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Learning enough Haskell to feel "productive" is an incredibly good way to deepen your understanding of programming, even if you've been programming for years.

Two things, in particular, stand out for me when thinking about Haskell this way (as a "tool for thinking" language).

First, unless you're a mathematician, you probably haven't thought very deeply about algebraic data types, and how useful and expressive it is to build up a program representation from a collection of parameterized types. The article touches on this a little bit in noting that Haskell teaches you to think about data types first.

But it's more than just "data first," for me, at least. Grokking Haskell's type system changed how I think about object-oriented programming. Classes in, say, Java or C++ or Python are a sort of weak-sauce version of parameterized abstract types. It's kind of mind-blowing to make that connection and to see how much more to it there is.

Second, monads are a really, really powerful way of thinking about the general idea of control flow. Again, the most useful analogy might be to object-oriented programming. When you first learn to think with objects, you gain a flexible and useful way of thinking about encapsulation. When you learn to think with monads, you gain a flexible and useful way of thinking about execution sequencing: threads, coroutines, try/catch, generators, continuations -- the whole concurrency bestiary.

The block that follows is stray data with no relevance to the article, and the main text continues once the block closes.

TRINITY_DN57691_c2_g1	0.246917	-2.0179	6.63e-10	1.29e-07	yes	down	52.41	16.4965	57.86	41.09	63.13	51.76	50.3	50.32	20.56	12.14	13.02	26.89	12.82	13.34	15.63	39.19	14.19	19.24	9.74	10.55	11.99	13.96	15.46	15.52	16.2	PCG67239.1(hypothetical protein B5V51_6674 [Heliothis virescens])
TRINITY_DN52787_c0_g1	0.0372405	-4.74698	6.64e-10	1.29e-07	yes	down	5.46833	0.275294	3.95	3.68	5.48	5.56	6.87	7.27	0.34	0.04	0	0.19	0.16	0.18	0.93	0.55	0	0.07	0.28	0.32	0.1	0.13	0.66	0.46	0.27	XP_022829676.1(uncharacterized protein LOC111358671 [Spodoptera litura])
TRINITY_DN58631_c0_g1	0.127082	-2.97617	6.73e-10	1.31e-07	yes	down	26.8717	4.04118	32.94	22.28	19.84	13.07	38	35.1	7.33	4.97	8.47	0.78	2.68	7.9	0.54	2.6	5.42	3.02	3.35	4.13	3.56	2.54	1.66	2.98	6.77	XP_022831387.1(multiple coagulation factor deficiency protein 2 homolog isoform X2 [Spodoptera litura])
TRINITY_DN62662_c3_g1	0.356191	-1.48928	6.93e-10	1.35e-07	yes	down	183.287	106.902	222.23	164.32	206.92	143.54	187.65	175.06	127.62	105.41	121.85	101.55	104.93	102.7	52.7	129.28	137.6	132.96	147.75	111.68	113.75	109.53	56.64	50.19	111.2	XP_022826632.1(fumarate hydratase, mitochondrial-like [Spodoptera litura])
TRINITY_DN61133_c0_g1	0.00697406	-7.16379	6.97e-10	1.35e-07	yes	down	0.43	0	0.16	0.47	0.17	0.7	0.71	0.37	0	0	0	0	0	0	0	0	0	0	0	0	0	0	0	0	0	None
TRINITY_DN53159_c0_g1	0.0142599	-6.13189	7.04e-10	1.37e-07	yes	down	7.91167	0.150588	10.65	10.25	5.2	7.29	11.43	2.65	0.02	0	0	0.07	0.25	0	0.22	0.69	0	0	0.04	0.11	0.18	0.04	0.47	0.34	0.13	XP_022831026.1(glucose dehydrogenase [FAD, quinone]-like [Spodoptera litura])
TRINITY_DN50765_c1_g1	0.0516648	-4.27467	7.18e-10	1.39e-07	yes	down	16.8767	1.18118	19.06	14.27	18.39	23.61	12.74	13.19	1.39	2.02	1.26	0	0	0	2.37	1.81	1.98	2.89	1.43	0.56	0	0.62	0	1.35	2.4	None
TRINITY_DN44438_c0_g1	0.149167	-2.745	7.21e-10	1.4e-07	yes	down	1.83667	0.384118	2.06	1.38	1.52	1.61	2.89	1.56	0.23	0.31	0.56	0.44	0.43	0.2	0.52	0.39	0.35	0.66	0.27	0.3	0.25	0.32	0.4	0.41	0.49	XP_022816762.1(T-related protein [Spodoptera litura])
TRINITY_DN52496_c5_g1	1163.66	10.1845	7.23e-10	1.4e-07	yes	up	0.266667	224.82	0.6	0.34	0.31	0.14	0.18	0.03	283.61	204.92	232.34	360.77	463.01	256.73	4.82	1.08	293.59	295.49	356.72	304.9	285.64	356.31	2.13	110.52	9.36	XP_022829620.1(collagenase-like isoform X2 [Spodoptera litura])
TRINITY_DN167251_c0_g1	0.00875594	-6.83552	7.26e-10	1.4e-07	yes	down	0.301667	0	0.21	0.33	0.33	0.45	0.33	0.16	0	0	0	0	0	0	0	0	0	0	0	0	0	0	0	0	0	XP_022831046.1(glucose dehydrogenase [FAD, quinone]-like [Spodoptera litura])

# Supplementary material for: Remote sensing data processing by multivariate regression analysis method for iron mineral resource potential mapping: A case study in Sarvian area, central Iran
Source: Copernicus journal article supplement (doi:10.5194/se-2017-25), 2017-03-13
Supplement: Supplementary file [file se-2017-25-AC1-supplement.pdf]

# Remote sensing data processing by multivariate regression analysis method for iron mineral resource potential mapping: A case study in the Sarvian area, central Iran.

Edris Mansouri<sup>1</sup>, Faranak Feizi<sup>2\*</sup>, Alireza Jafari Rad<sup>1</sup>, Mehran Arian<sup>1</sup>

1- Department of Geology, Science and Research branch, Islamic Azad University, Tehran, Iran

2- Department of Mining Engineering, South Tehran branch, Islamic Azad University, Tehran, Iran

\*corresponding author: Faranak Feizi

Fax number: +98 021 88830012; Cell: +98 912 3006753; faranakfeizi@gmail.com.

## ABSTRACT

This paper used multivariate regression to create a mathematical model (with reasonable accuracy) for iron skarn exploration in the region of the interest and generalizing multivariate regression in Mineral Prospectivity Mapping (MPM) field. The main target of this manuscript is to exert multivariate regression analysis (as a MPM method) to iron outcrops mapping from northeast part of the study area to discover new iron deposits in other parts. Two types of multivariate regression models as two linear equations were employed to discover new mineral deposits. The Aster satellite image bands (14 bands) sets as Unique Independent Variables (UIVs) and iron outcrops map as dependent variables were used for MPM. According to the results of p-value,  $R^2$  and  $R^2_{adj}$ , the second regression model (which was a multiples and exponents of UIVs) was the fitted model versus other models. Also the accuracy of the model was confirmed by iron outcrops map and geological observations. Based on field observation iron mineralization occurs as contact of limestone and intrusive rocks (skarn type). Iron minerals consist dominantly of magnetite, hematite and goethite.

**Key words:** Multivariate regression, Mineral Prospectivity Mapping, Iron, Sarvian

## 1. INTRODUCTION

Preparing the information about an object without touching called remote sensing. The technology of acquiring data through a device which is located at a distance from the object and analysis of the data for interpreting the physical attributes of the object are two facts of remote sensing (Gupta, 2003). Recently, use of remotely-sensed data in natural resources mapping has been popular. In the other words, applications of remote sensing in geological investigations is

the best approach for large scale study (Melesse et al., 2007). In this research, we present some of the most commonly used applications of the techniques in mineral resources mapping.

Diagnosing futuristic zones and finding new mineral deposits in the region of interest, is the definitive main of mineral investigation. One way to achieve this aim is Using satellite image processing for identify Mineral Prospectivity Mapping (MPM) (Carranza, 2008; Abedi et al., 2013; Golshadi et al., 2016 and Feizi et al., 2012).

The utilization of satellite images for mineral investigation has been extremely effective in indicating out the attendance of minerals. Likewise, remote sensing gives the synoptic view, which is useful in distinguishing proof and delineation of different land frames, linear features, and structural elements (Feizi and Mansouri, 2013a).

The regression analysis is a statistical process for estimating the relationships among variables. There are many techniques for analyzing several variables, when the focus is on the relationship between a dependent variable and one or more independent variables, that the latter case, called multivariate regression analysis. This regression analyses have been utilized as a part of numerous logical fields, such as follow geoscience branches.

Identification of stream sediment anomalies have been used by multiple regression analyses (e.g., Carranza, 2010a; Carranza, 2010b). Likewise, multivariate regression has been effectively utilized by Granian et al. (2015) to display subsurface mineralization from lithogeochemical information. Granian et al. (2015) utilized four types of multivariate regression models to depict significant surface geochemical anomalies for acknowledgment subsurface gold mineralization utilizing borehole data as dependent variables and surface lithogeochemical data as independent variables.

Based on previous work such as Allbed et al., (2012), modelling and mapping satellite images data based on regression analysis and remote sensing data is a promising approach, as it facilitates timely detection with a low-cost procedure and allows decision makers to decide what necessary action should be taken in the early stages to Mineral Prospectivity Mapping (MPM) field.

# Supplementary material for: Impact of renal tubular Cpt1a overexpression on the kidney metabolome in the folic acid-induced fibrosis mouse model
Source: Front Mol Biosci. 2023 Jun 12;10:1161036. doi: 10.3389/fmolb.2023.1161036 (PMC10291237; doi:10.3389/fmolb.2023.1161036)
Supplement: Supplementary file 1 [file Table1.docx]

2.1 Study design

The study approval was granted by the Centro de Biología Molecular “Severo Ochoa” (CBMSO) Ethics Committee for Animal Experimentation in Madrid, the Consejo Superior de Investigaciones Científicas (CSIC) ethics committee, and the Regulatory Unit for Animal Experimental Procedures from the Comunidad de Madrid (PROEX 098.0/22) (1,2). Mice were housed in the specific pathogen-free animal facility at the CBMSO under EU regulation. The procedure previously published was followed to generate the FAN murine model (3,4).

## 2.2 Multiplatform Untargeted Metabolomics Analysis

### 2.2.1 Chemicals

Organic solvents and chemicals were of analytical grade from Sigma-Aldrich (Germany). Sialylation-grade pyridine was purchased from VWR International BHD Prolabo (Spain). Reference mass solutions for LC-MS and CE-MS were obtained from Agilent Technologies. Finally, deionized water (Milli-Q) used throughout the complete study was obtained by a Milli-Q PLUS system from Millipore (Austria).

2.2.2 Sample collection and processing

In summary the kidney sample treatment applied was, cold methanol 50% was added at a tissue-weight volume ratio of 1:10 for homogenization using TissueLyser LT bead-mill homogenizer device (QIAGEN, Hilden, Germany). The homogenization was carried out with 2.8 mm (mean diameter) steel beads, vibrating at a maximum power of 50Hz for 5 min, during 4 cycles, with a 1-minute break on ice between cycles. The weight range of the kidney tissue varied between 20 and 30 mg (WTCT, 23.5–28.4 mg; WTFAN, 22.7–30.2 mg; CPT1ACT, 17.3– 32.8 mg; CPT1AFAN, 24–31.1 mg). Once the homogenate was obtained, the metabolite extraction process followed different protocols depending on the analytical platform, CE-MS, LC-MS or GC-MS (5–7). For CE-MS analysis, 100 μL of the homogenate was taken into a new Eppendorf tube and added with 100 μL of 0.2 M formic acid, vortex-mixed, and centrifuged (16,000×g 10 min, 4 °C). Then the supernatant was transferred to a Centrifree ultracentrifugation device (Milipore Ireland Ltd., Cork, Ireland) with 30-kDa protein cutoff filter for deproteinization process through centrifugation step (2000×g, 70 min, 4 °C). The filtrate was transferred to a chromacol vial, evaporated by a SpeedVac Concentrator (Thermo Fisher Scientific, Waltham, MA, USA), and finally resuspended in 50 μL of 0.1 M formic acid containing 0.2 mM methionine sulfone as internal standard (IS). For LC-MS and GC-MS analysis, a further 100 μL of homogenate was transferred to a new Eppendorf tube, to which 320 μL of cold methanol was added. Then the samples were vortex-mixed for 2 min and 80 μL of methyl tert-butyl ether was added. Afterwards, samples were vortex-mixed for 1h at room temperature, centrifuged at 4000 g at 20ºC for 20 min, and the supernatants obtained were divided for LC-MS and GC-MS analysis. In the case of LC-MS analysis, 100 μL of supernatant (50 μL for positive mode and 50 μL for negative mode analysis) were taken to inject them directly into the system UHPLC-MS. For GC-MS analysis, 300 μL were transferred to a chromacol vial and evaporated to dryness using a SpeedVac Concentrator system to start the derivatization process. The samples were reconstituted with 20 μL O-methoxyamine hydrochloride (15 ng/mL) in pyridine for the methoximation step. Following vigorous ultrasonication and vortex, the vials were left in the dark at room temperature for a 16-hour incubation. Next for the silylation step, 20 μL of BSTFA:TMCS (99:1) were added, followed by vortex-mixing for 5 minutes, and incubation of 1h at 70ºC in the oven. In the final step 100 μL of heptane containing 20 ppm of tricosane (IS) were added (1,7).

I think monads are hard for most of us to wrap our heads around because the languages we are accustomed to are so static in terms of their control flow models, and so similar. We're used to thinking about control flow in a very particular way, so popping up a meta-level feels crazy and confusing. But it's worth it.

For example, if you do much JavaScript programming, and are ever frustrated translating between callbacks and promises, having a little bit of Haskell in your toolkit gives you some mental leverage for thinking about how those two abstractions relate to each other.




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